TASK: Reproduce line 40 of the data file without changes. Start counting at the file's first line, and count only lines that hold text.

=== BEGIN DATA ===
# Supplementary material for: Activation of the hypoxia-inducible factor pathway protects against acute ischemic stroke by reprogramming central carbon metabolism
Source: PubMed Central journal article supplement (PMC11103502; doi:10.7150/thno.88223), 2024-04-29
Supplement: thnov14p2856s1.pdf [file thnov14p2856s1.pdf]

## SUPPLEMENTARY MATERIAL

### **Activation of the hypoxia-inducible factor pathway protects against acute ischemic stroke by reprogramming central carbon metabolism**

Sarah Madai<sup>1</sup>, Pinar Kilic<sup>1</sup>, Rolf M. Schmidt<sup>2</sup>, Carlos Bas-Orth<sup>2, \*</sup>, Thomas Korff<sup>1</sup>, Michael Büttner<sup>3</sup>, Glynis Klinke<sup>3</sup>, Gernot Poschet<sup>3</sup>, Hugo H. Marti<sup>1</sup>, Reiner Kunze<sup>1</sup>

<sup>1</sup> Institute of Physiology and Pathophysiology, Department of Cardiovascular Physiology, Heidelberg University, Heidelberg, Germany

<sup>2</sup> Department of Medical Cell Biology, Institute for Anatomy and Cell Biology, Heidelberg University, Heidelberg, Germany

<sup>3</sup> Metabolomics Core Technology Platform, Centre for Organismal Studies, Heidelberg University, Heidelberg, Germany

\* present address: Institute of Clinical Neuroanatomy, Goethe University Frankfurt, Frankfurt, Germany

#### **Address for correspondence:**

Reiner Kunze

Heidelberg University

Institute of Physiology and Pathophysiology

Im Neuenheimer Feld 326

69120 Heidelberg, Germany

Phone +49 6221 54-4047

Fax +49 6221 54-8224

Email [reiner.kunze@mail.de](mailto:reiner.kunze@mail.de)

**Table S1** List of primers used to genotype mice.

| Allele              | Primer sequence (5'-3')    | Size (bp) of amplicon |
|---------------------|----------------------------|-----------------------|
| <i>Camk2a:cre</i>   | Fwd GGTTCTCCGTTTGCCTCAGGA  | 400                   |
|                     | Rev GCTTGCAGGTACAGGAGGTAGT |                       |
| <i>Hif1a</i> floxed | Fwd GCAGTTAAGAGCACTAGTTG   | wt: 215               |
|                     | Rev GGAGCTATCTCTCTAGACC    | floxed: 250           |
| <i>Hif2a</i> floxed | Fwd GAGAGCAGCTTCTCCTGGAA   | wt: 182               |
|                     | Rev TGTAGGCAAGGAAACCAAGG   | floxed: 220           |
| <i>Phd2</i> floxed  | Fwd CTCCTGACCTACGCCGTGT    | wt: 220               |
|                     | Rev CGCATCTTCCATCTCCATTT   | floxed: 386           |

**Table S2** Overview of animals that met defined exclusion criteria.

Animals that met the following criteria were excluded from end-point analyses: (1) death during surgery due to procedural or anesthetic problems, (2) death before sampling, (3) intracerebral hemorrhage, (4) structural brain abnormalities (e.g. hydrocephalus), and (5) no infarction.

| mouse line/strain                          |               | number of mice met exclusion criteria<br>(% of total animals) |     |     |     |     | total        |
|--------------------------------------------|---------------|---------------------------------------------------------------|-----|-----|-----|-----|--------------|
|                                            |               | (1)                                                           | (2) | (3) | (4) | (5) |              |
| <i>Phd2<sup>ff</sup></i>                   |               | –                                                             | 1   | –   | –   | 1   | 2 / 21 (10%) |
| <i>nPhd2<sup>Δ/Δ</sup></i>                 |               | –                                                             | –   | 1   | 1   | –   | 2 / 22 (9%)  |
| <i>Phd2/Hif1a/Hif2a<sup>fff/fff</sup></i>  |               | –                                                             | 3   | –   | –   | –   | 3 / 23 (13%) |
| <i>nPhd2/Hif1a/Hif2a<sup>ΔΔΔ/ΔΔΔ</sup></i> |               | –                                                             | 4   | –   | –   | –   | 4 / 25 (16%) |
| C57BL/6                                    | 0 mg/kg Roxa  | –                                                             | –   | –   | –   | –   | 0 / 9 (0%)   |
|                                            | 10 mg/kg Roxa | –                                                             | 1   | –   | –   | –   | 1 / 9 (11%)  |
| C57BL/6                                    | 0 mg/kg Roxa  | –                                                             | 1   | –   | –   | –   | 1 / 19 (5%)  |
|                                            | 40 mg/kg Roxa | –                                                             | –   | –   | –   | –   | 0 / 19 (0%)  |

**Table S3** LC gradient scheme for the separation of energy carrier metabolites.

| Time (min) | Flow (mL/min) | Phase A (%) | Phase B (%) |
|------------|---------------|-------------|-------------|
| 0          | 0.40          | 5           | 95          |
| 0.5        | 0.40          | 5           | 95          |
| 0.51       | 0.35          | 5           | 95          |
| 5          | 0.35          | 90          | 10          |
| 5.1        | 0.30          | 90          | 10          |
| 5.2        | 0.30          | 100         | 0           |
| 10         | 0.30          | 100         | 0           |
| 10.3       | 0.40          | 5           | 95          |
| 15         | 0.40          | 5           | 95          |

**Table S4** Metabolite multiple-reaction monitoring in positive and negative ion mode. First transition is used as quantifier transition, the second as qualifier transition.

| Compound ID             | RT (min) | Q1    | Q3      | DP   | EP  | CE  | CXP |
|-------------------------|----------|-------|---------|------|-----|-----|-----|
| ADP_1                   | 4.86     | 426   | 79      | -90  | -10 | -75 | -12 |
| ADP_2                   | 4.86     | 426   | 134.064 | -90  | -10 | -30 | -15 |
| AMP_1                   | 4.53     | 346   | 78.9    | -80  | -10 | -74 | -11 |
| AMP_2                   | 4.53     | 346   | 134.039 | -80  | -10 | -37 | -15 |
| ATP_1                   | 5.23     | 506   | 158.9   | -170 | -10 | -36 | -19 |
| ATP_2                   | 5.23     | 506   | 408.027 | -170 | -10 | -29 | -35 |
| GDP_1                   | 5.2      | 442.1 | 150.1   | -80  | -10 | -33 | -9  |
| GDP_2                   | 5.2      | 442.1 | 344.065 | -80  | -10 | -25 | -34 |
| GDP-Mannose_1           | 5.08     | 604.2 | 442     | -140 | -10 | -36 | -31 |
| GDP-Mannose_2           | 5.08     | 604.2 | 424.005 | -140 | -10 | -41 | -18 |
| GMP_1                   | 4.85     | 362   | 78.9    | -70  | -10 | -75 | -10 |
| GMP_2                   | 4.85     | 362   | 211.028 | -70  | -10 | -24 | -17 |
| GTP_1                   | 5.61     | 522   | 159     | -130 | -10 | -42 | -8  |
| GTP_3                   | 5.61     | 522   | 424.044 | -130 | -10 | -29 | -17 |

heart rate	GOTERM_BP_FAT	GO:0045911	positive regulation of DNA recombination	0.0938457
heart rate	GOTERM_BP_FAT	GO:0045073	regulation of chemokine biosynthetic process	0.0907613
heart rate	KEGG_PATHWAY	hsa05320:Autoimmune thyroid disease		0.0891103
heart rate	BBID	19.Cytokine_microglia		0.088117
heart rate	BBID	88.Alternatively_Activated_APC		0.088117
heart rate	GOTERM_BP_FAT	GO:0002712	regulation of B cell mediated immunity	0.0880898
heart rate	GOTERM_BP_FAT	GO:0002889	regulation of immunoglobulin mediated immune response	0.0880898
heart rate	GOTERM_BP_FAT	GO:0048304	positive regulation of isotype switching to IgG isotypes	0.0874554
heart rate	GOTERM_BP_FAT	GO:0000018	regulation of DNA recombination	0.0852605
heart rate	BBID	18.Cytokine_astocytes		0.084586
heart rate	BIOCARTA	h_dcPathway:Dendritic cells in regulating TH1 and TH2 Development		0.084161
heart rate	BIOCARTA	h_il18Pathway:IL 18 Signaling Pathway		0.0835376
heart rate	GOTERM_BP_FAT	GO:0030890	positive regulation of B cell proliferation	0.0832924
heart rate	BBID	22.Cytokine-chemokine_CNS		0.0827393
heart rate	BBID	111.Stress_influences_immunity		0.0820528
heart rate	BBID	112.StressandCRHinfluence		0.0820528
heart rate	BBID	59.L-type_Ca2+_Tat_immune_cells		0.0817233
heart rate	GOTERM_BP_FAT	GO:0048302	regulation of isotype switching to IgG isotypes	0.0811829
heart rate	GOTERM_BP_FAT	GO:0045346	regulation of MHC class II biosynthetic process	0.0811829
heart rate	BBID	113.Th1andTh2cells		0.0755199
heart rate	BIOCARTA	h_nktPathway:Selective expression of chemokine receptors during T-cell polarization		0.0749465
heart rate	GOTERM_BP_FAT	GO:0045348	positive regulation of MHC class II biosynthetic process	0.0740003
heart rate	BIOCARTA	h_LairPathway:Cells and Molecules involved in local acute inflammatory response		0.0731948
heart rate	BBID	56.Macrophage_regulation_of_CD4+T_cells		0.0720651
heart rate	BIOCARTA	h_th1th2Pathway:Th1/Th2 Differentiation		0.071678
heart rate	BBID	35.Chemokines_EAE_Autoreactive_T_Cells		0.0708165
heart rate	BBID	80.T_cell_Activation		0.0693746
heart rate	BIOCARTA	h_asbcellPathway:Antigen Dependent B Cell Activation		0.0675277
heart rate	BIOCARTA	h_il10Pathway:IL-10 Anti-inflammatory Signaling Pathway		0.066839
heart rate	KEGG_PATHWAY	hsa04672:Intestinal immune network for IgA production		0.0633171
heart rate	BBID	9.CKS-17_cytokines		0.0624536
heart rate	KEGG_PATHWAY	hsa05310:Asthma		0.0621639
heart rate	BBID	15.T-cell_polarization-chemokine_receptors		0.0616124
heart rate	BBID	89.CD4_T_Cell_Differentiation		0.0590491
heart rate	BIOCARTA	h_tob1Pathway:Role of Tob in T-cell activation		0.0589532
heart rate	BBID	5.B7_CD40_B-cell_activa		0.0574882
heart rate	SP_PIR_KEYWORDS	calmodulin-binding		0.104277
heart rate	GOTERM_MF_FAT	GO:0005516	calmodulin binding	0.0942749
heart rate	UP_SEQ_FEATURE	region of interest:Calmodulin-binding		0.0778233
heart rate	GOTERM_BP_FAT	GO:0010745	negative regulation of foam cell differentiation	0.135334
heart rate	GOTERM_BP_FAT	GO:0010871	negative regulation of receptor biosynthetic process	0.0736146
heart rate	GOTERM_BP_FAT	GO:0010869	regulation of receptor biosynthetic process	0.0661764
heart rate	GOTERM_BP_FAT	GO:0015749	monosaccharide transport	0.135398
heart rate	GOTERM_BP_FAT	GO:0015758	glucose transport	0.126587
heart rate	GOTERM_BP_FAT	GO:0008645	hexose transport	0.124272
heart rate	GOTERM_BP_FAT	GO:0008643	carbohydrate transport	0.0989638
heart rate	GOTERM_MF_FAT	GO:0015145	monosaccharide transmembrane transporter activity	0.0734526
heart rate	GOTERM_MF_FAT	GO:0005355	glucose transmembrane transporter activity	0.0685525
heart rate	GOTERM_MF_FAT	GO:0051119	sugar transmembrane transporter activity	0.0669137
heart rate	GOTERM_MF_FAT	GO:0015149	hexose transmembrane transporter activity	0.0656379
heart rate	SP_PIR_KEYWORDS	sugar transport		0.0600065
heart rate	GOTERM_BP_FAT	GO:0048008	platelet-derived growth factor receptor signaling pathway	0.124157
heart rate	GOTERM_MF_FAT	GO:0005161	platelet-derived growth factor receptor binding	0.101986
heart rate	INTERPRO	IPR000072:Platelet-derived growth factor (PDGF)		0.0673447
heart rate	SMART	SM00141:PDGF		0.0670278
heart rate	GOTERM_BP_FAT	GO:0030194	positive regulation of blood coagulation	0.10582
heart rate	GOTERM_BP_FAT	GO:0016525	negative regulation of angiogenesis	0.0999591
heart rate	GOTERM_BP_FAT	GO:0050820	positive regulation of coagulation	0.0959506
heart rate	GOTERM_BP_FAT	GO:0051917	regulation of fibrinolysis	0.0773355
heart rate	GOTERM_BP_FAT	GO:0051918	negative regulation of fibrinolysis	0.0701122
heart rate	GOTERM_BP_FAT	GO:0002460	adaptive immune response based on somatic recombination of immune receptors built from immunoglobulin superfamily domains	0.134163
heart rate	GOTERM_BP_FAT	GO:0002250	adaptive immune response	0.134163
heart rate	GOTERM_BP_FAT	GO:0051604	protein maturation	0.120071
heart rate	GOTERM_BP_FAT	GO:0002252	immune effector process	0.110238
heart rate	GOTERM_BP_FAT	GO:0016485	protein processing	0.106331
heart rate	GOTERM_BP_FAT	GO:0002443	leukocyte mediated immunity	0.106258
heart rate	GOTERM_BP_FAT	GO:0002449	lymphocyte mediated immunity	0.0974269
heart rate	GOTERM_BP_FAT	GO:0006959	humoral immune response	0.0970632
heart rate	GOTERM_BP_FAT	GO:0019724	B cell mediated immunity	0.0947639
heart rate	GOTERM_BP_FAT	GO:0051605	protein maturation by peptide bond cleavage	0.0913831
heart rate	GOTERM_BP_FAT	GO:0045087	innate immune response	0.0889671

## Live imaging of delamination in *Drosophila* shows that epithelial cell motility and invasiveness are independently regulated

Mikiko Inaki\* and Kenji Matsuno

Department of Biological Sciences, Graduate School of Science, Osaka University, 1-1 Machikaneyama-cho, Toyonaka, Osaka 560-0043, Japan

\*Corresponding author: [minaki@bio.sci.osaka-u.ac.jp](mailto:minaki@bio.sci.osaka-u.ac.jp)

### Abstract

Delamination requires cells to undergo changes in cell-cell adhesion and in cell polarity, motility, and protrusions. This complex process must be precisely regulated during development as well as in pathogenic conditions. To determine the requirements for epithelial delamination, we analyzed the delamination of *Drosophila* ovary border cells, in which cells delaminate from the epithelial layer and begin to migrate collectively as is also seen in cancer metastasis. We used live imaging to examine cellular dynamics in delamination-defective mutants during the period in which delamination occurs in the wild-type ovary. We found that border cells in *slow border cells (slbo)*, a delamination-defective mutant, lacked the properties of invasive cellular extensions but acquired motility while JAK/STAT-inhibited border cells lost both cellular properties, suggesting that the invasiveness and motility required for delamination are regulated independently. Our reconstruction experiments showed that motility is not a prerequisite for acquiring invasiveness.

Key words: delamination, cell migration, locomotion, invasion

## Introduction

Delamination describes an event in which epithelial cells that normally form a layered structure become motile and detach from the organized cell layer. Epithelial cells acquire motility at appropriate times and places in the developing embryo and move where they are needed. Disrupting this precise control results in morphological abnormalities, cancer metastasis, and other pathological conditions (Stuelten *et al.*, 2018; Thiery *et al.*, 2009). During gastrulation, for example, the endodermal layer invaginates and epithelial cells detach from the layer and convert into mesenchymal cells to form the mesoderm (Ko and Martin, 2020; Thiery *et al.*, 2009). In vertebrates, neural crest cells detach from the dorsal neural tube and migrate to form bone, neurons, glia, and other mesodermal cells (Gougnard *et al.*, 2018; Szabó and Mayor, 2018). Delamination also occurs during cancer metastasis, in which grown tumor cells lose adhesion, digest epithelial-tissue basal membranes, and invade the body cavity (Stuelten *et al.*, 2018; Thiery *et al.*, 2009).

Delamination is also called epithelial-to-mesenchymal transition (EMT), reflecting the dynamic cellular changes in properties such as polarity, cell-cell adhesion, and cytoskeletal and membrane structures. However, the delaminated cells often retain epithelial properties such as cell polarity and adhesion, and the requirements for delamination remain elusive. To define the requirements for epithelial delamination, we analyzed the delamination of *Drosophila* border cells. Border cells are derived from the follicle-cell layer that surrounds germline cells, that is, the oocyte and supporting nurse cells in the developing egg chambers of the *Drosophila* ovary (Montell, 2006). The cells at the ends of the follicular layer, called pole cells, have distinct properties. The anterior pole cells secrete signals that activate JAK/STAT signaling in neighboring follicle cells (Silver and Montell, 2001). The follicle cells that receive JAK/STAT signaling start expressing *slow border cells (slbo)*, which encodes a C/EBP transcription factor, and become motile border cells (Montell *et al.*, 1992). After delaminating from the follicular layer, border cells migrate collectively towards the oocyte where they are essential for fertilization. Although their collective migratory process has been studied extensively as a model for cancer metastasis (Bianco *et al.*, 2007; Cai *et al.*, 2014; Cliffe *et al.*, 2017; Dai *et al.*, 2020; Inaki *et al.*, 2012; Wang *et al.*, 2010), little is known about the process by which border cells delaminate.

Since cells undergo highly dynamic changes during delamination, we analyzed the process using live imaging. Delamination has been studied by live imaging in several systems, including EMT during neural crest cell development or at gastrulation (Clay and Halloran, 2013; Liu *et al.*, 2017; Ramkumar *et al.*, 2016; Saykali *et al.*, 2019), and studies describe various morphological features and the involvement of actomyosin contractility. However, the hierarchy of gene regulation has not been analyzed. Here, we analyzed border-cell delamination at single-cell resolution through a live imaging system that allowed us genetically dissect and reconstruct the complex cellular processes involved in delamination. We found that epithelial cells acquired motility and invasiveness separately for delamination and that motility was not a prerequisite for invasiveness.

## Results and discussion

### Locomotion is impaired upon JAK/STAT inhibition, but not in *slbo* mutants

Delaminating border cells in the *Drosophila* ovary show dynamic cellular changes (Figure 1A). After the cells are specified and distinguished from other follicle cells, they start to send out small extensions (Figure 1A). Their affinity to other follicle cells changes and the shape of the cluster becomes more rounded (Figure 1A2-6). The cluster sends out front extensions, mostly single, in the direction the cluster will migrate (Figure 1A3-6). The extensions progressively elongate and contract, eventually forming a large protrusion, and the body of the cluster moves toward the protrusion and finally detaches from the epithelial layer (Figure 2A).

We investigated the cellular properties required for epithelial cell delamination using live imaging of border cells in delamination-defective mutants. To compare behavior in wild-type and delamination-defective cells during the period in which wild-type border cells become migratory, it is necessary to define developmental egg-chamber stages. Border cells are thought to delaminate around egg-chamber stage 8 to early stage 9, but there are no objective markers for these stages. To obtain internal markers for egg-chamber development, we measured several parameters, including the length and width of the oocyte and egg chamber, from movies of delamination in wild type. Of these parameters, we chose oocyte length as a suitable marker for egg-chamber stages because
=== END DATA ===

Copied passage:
| C57BL/6                                    | 0 mg/kg Roxa  | –                                                             | –   | –   | –   | –   | 0 / 9 (0%)   |